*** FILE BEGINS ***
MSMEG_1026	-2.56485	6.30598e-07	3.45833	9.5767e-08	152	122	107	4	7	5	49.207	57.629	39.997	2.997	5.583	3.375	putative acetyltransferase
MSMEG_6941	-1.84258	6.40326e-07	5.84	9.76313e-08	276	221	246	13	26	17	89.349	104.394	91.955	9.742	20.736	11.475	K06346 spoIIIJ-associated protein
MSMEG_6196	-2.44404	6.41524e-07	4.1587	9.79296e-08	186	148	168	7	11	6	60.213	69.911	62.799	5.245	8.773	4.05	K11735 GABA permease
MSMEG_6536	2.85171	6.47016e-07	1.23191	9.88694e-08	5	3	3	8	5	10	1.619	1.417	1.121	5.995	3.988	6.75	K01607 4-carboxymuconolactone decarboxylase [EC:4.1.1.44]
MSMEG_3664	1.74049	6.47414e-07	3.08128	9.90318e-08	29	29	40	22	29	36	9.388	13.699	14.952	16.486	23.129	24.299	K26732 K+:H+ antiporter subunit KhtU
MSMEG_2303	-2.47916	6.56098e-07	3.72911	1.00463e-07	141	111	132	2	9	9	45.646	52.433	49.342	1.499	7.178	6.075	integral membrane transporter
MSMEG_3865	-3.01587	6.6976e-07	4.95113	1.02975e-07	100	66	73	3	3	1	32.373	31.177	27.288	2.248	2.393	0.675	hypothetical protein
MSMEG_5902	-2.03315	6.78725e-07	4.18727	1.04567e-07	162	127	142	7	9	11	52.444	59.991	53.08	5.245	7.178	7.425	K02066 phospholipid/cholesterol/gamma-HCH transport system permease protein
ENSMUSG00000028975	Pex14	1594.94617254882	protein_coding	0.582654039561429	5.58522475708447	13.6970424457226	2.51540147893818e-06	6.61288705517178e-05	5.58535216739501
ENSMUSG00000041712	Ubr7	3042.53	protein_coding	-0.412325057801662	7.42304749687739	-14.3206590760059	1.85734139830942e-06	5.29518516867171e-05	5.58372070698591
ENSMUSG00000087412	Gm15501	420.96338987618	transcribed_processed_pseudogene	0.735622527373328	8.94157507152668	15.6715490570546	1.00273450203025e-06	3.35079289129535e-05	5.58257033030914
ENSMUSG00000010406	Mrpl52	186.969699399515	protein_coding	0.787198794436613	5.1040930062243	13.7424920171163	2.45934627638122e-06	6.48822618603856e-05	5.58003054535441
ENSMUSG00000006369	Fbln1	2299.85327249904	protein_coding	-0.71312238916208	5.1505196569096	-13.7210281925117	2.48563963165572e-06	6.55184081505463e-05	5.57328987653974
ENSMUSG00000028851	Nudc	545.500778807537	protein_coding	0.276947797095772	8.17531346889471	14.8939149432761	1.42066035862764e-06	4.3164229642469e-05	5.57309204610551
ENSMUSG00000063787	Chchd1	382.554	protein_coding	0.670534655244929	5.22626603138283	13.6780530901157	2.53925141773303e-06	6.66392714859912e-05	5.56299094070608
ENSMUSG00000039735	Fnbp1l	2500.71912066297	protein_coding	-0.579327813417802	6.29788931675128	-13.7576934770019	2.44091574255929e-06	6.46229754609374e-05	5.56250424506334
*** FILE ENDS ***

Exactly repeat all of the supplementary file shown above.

MSMEG_1026	-2.56485	6.30598e-07	3.45833	9.5767e-08	152	122	107	4	7	5	49.207	57.629	39.997	2.997	5.583	3.375	putative acetyltransferase
MSMEG_6941	-1.84258	6.40326e-07	5.84	9.76313e-08	276	221	246	13	26	17	89.349	104.394	91.955	9.742	20.736	11.475	K06346 spoIIIJ-associated protein
MSMEG_6196	-2.44404	6.41524e-07	4.1587	9.79296e-08	186	148	168	7	11	6	60.213	69.911	62.799	5.245	8.773	4.05	K11735 GABA permease
MSMEG_6536	2.85171	6.47016e-07	1.23191	9.88694e-08	5	3	3	8	5	10	1.619	1.417	1.121	5.995	3.988	6.75	K01607 4-carboxymuconolactone decarboxylase [EC:4.1.1.44]
MSMEG_3664	1.74049	6.47414e-07	3.08128	9.90318e-08	29	29	40	22	29	36	9.388	13.699	14.952	16.486	23.129	24.299	K26732 K+:H+ antiporter subunit KhtU
MSMEG_2303	-2.47916	6.56098e-07	3.72911	1.00463e-07	141	111	132	2	9	9	45.646	52.433	49.342	1.499	7.178	6.075	integral membrane transporter
MSMEG_3865	-3.01587	6.6976e-07	4.95113	1.02975e-07	100	66	73	3	3	1	32.373	31.177	27.288	2.248	2.393	0.675	hypothetical protein
MSMEG_5902	-2.03315	6.78725e-07	4.18727	1.04567e-07	162	127	142	7	9	11	52.444	59.991	53.08	5.245	7.178	7.425	K02066 phospholipid/cholesterol/gamma-HCH transport system permease protein
ENSMUSG00000028975	Pex14	1594.94617254882	protein_coding	0.582654039561429	5.58522475708447	13.6970424457226	2.51540147893818e-06	6.61288705517178e-05	5.58535216739501
ENSMUSG00000041712	Ubr7	3042.53	protein_coding	-0.412325057801662	7.42304749687739	-14.3206590760059	1.85734139830942e-06	5.29518516867171e-05	5.58372070698591
ENSMUSG00000087412	Gm15501	420.96338987618	transcribed_processed_pseudogene	0.735622527373328	8.94157507152668	15.6715490570546	1.00273450203025e-06	3.35079289129535e-05	5.58257033030914
ENSMUSG00000010406	Mrpl52	186.969699399515	protein_coding	0.787198794436613	5.1040930062243	13.7424920171163	2.45934627638122e-06	6.48822618603856e-05	5.58003054535441
ENSMUSG00000006369	Fbln1	2299.85327249904	protein_coding	-0.71312238916208	5.1505196569096	-13.7210281925117	2.48563963165572e-06	6.55184081505463e-05	5.57328987653974
ENSMUSG00000028851	Nudc	545.500778807537	protein_coding	0.276947797095772	8.17531346889471	14.8939149432761	1.42066035862764e-06	4.3164229642469e-05	5.57309204610551
ENSMUSG00000063787	Chchd1	382.554	protein_coding	0.670534655244929	5.22626603138283	13.6780530901157	2.53925141773303e-06	6.66392714859912e-05	5.56299094070608
ENSMUSG00000039735	Fnbp1l	2500.71912066297	protein_coding	-0.579327813417802	6.29788931675128	-13.7576934770019	2.44091574255929e-06	6.46229754609374e-05	5.56250424506334